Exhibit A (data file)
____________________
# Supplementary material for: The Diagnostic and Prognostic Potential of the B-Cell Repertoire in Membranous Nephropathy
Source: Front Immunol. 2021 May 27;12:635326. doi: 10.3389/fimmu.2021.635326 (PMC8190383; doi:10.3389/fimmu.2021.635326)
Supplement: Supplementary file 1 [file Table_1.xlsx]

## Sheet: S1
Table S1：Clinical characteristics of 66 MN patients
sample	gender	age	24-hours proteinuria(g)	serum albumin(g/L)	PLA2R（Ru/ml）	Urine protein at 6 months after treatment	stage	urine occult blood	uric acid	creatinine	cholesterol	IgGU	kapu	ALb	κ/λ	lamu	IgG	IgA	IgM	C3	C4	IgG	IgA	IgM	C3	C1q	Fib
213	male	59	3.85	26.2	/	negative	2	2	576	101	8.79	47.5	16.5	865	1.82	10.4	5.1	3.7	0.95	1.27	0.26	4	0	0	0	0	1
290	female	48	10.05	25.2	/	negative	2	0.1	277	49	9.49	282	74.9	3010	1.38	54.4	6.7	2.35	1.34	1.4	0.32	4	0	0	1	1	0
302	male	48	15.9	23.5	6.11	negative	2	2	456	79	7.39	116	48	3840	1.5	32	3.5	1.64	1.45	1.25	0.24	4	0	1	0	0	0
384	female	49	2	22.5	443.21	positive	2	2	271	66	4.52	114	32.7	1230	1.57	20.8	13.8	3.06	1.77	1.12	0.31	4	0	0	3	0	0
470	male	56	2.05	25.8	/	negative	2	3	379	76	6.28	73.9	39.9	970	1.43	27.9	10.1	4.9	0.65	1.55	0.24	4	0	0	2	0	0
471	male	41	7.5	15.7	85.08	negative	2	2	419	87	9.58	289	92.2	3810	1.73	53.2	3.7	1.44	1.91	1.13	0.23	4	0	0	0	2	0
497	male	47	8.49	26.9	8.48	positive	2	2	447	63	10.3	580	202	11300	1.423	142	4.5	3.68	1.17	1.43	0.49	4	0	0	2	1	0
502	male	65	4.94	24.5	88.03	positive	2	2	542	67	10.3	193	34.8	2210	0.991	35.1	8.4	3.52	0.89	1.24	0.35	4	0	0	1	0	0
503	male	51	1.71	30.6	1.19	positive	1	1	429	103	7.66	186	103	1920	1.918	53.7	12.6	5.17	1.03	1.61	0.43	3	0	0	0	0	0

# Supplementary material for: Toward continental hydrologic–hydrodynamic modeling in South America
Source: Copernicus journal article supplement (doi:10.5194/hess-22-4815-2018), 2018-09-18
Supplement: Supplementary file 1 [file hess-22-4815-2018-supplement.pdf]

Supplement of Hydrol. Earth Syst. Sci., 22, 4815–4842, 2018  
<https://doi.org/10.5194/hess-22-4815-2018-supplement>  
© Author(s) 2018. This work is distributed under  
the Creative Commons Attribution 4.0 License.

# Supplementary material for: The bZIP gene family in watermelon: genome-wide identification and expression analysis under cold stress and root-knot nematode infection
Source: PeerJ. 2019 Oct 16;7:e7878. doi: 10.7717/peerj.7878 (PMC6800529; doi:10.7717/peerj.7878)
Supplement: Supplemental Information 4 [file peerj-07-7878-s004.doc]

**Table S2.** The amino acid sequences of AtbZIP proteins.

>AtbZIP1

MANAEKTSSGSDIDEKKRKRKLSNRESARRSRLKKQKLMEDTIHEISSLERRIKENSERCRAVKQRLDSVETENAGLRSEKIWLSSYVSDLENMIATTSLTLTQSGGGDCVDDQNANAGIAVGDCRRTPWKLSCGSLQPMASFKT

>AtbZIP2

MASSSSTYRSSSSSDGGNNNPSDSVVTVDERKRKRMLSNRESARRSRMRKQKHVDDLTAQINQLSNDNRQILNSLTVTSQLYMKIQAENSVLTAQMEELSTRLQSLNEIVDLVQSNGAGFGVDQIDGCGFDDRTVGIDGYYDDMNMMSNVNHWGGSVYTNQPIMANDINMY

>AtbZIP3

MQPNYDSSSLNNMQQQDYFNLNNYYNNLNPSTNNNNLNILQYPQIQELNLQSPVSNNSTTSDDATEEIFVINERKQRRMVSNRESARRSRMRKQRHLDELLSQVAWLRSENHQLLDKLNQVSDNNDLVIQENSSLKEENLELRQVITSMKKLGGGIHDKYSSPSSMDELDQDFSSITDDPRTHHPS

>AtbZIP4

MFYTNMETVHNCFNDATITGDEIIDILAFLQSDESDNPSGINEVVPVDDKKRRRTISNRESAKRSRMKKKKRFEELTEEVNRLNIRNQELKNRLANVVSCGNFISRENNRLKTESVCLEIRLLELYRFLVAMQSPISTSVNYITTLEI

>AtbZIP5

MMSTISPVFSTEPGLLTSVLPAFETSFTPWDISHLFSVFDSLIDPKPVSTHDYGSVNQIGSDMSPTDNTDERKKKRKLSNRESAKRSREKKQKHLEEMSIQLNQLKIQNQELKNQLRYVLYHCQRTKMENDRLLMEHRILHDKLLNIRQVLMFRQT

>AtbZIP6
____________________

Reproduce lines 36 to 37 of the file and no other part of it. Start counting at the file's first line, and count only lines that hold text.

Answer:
MMSTISPVFSTEPGLLTSVLPAFETSFTPWDISHLFSVFDSLIDPKPVSTHDYGSVNQIGSDMSPTDNTDERKKKRKLSNRESAKRSREKKQKHLEEMSIQLNQLKIQNQELKNQLRYVLYHCQRTKMENDRLLMEHRILHDKLLNIRQVLMFRQT

>AtbZIP6